As for specific water-quality supervision, the relationship with the Health Authority is constant and affable but not free of conflict. This Authority visits the organization without prior notice, takes water samples, and examines them on site and then in the laboratory. Field results are delivered immediately, while laboratory results are delivered at an upcoming visit if they are within standard or when results are available if they are not. The type of problems the organizations report is telling about how APRs operate and the tangled situations that arise:
One of the APR commented they stopped using the test tubes that initially the State provided with the project because they were wildly inaccurate. They learned this once the Health Authority fined them; now, they use digital equipment bought with their own resources.
Another situation involved the Authority taking samples close to filters, which appeared out of range, but a subsequent counter sample presented no problems. The Health Authority concluded that the APR should perform filter cleaning periodically. Notably, the APR refers to this as the first time it was told about this cleaning process.
In yet another, the Authority issued a fine because, in its opinion, a community septic tank was too close to the water intake. However, it dismissed the fine after the APR appealed because the State had built both facilities, and the Authority had not taken samples before fining the APR. Further, when it did, the samples came out within the range of the norm. Similarly, but with a different outcome, once, the Authority fined an organization for not having a bathroom for employees. Although the APR argued the State had delivered the system without a bathroom, the Authority did not dismiss the fine, and the organization had to build the facility.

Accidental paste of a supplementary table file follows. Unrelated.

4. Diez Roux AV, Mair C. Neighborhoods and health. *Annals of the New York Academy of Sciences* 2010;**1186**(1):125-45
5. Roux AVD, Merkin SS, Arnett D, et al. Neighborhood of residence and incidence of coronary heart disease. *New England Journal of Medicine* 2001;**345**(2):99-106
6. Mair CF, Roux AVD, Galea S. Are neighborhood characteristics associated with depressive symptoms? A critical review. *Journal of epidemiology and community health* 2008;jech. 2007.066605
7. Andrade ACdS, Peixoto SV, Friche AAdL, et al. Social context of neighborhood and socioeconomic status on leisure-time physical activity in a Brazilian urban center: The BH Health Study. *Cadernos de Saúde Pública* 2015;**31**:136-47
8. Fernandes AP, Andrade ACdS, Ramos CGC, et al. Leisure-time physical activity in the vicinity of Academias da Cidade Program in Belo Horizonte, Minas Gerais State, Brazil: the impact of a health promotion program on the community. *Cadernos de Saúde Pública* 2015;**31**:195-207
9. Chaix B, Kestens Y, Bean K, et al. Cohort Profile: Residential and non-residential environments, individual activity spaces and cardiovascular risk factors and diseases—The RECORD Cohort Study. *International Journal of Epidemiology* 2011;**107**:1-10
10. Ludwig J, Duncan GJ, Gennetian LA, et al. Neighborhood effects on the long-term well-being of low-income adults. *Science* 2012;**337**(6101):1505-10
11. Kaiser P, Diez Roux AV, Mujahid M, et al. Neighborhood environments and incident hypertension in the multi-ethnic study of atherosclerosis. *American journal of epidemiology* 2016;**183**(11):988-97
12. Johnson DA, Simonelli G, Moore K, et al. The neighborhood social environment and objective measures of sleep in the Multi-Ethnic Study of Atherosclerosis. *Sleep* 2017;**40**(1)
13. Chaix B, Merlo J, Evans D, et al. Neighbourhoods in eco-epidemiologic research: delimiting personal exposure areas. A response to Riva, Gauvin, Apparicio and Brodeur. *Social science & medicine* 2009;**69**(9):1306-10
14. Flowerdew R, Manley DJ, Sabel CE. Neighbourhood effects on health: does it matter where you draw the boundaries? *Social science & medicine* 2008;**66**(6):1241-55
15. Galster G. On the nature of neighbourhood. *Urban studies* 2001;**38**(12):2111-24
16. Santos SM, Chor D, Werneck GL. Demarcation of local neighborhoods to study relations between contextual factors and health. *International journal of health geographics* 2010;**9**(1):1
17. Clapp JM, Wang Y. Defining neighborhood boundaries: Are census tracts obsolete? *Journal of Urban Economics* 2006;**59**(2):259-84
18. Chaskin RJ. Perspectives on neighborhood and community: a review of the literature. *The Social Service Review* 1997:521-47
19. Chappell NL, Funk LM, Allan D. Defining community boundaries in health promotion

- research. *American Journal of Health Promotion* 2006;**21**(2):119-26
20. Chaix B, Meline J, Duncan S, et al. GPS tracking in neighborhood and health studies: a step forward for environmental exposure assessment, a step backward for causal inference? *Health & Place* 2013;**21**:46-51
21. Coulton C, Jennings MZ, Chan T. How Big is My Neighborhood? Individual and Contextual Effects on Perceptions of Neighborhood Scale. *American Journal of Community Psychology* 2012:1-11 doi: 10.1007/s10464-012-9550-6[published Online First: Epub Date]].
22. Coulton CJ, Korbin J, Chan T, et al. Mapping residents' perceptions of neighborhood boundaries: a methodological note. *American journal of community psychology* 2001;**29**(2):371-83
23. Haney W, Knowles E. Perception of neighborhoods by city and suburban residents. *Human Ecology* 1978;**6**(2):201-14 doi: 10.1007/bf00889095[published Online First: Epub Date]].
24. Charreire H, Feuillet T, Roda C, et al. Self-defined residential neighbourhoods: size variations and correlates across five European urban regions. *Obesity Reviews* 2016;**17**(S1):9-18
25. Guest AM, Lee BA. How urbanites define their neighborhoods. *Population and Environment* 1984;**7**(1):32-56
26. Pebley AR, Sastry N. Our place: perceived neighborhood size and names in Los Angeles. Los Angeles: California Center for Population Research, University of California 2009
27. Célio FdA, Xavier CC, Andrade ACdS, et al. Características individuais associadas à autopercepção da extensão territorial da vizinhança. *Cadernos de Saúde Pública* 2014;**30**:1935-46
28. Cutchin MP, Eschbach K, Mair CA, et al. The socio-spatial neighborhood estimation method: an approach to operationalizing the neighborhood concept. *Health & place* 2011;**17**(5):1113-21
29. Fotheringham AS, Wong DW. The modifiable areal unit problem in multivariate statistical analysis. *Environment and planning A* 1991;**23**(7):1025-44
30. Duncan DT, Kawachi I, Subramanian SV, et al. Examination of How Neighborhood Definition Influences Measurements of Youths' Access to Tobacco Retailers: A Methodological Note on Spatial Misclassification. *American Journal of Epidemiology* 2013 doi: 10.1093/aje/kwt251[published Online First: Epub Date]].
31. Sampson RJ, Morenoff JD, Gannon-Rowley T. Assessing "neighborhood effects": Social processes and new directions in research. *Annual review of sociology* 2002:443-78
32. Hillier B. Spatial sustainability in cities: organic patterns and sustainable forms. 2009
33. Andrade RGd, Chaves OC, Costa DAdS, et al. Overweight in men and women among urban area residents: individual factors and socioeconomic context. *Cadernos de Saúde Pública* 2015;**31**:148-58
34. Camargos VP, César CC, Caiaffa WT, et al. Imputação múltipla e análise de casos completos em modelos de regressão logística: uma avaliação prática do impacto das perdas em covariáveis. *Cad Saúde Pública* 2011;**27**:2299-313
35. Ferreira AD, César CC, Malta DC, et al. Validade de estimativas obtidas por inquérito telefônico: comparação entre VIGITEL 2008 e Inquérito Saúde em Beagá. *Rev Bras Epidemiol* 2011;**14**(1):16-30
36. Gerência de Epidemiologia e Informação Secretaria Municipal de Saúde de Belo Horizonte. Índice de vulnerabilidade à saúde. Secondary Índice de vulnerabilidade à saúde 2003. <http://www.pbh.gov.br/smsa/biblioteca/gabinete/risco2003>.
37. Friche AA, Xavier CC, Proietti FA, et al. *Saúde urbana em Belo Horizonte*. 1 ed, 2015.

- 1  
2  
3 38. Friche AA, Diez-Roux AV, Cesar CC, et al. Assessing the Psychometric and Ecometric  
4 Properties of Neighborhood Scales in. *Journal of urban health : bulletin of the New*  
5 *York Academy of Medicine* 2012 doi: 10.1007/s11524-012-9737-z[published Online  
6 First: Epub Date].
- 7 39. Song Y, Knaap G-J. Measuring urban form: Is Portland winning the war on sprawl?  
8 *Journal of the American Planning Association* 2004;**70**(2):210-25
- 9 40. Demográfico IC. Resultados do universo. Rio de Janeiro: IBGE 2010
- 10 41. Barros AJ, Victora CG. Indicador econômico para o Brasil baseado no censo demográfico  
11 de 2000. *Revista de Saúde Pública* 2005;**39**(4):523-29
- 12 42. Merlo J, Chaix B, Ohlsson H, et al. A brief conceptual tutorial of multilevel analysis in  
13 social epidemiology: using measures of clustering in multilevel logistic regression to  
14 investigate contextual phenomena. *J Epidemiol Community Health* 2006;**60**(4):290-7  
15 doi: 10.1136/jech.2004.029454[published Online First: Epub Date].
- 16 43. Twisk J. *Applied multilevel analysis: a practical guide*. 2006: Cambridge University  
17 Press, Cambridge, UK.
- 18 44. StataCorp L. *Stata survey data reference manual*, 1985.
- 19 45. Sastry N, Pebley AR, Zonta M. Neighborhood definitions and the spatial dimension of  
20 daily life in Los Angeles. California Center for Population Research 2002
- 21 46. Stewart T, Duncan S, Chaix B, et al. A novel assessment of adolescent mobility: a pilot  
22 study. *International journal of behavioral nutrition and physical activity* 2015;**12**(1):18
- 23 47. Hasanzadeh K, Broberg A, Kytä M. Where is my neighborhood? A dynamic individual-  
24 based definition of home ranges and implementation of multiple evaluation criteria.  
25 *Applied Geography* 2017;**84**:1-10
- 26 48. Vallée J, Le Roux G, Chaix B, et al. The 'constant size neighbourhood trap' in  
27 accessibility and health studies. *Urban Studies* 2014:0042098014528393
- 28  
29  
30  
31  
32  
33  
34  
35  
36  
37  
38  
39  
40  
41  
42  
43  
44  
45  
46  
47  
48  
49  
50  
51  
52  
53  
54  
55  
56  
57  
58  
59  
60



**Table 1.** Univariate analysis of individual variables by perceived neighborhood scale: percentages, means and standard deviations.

An additional problem started when the Authority obtained a sample with out-of-range turbidity inside the local hospital and fined the APR. After performing several counter samples in the network, the Authority concluded that the problem occurred due to poor maintenance of the hospital equipment and dismissed the fine.
Finally, one APR stated the Authority fined them because an out-of-standard sample appeared in the water intake, i.e., water before treatment. The APR argued that the river water quality was not its responsibility; when the Authority repeated the sampling in the network, it was within range, so it dismissed the fine.
Although the Health Authority indeed gives some fines to the organizations, former senior state officers acknowledge that the State does not have the resources to step in and take over an ailing organization, and although eventually water provision may be halted, the efforts will be to put the organization back on track.
Additionally, five individuals put forward the roles the local public university, where this article’s authors belong, can play related to water supervision. On the one hand, all of them commented that this research is helpful because people not familiar with rural drinking water tend to think that these organizations work in a disorderly way and hope it will give greater importance to the systems. On the other hand, one interviewee voiced her eagerness for the university to make a concrete effort to have more accessible prices so that these organizations can analyse their water contracting university’s labs. At the moment of the interview, university tariffs were more expensive than private laboratories.